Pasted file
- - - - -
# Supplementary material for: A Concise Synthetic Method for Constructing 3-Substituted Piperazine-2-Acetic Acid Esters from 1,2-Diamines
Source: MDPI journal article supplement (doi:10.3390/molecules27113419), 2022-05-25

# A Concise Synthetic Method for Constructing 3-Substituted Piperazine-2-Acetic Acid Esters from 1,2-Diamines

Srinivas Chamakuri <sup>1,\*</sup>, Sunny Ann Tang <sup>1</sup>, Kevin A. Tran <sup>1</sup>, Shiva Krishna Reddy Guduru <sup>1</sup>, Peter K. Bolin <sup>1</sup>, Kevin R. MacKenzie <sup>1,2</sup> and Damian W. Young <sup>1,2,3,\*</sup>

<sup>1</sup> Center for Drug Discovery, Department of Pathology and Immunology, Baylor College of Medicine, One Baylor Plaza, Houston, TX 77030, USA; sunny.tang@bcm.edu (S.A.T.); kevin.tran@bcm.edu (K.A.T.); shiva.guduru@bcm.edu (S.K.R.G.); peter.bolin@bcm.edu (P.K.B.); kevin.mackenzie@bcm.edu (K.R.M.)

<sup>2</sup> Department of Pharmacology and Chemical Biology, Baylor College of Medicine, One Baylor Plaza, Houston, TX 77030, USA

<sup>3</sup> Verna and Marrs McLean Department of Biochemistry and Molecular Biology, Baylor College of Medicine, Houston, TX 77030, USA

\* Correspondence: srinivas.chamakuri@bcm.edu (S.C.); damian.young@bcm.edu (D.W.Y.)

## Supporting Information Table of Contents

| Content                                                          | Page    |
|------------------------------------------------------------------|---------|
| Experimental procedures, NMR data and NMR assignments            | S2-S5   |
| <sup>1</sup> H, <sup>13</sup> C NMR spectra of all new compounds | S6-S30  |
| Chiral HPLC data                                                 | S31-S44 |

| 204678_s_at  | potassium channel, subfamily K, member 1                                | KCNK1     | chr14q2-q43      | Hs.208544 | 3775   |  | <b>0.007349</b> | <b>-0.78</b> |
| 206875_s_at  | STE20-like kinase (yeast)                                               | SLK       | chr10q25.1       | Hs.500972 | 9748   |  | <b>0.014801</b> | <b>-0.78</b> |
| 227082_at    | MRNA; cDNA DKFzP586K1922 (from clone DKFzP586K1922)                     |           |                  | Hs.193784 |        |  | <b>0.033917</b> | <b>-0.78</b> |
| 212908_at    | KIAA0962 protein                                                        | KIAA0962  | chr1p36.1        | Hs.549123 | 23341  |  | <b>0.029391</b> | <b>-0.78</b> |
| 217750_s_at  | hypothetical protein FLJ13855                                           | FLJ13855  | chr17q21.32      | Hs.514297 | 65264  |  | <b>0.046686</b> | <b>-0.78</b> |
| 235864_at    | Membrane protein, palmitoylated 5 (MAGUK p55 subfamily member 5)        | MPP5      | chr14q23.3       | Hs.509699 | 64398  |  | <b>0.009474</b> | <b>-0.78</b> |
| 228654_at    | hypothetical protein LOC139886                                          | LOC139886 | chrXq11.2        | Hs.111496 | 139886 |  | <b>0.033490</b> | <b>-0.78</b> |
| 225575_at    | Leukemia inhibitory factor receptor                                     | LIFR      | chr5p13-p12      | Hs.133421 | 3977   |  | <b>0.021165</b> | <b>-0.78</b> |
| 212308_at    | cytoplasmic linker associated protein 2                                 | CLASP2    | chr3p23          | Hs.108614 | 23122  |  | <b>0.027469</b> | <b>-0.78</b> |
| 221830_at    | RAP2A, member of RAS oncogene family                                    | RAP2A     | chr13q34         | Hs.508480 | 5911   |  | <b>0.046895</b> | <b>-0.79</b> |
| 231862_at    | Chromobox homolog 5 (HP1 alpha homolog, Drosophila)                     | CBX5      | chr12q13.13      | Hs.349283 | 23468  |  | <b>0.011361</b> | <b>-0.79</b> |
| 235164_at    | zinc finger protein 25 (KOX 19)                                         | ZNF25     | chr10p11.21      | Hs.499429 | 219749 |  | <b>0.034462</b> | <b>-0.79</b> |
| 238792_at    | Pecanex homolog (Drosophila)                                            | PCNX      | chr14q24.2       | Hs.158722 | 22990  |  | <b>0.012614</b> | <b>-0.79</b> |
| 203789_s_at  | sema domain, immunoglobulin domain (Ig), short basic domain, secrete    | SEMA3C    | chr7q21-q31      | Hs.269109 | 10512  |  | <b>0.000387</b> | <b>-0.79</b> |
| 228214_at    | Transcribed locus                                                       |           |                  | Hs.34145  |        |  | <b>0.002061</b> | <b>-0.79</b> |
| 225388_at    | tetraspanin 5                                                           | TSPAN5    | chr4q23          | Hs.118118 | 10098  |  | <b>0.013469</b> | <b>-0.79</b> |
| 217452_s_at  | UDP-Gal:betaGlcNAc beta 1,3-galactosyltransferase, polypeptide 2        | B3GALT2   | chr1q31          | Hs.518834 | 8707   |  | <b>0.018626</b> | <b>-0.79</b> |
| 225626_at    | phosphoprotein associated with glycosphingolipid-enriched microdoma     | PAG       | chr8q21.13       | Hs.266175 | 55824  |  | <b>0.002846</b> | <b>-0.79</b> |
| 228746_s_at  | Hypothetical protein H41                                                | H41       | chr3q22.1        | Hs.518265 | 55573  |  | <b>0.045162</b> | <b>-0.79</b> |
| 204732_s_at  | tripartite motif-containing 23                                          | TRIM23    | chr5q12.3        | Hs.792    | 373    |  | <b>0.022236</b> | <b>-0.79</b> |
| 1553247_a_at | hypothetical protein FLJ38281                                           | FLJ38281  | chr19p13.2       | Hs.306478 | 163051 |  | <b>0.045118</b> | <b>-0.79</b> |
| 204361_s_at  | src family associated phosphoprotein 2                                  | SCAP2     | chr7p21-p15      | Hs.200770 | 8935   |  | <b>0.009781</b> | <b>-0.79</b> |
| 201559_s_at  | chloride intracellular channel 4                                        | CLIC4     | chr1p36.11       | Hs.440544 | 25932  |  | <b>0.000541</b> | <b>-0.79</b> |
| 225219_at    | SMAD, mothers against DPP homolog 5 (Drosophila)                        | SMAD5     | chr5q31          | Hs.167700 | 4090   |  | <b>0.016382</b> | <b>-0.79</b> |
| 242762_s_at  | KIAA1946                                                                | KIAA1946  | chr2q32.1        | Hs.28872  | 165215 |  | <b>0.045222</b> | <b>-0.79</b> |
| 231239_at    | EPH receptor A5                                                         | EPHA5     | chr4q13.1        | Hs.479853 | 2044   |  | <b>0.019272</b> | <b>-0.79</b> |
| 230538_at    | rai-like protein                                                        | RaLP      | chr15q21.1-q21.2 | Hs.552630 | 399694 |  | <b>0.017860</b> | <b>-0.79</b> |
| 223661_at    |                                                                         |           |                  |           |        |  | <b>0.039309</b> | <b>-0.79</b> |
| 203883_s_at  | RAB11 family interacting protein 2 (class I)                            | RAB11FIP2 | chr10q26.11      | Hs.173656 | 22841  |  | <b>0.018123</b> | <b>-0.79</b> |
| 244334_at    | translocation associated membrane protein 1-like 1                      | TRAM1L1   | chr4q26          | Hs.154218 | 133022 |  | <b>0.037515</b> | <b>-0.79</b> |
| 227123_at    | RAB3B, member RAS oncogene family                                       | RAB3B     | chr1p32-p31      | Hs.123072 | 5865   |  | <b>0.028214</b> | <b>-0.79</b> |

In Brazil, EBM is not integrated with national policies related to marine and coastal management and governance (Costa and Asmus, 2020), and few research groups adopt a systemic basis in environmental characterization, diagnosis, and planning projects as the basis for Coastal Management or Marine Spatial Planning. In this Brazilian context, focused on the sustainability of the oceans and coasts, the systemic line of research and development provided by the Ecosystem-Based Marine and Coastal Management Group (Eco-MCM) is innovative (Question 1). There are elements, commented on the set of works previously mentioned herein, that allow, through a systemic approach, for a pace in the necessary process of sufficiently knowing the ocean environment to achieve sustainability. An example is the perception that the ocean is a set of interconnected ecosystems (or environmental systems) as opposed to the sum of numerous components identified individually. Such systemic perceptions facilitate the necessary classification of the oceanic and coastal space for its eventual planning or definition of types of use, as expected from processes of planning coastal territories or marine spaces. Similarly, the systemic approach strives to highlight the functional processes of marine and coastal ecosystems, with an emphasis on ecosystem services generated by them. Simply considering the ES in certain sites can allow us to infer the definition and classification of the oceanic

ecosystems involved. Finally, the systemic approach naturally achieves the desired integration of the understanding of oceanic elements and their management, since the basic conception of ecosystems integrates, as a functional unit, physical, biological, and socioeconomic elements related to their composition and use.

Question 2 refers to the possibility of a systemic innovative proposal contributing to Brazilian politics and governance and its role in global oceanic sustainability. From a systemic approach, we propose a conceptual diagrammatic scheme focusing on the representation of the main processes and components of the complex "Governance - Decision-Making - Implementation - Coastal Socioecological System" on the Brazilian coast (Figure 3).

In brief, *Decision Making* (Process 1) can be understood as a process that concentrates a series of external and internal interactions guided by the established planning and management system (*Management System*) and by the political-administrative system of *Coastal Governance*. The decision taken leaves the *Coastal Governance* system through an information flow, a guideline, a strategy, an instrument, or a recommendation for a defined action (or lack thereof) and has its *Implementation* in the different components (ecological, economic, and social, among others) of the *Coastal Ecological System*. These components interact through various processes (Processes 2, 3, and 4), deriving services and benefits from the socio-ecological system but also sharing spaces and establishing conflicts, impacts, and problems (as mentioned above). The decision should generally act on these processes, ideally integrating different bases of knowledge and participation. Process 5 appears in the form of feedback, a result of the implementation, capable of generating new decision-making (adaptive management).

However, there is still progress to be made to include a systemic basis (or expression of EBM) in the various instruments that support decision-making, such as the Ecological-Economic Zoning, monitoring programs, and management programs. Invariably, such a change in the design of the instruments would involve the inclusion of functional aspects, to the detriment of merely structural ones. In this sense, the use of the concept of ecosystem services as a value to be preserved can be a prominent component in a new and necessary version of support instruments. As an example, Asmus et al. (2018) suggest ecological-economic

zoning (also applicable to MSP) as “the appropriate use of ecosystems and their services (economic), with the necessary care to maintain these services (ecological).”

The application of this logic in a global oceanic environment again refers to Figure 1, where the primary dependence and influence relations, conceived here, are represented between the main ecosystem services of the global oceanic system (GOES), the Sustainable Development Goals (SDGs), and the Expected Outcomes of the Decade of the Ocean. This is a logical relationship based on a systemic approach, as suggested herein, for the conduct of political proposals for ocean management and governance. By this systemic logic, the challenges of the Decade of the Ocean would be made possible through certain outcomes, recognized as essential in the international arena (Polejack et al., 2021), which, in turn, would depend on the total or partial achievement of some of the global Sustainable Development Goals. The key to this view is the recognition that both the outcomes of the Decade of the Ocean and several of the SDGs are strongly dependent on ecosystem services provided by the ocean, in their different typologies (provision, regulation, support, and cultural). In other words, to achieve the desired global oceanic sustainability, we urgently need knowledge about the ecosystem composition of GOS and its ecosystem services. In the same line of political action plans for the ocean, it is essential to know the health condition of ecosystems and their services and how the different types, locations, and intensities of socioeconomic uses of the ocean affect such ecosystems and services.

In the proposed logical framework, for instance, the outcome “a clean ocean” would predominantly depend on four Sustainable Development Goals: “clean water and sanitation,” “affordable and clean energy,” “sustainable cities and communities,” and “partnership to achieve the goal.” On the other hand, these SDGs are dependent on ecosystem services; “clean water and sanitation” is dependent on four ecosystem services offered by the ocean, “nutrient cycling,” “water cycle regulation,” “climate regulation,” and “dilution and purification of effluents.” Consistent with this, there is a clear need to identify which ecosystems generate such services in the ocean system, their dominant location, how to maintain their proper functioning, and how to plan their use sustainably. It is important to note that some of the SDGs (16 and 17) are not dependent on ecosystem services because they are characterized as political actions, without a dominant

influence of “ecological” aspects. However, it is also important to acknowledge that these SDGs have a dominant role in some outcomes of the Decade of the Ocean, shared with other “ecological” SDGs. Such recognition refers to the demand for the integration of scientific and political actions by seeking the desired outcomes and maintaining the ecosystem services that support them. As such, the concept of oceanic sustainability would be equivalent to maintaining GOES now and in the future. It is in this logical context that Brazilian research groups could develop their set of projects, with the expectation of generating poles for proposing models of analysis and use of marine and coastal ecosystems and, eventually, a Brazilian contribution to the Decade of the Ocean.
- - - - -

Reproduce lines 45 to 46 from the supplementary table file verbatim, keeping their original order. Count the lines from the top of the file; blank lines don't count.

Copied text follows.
| 227123_at    | RAB3B, member RAS oncogene family                                       | RAB3B     | chr1p32-p31      | Hs.123072 | 5865   |  | <b>0.028214</b> | <b>-0.79</b> |

In Brazil, EBM is not integrated with national policies related to marine and coastal management and governance (Costa and Asmus, 2020), and few research groups adopt a systemic basis in environmental characterization, diagnosis, and planning projects as the basis for Coastal Management or Marine Spatial Planning. In this Brazilian context, focused on the sustainability of the oceans and coasts, the systemic line of research and development provided by the Ecosystem-Based Marine and Coastal Management Group (Eco-MCM) is innovative (Question 1). There are elements, commented on the set of works previously mentioned herein, that allow, through a systemic approach, for a pace in the necessary process of sufficiently knowing the ocean environment to achieve sustainability. An example is the perception that the ocean is a set of interconnected ecosystems (or environmental systems) as opposed to the sum of numerous components identified individually. Such systemic perceptions facilitate the necessary classification of the oceanic and coastal space for its eventual planning or definition of types of use, as expected from processes of planning coastal territories or marine spaces. Similarly, the systemic approach strives to highlight the functional processes of marine and coastal ecosystems, with an emphasis on ecosystem services generated by them. Simply considering the ES in certain sites can allow us to infer the definition and classification of the oceanic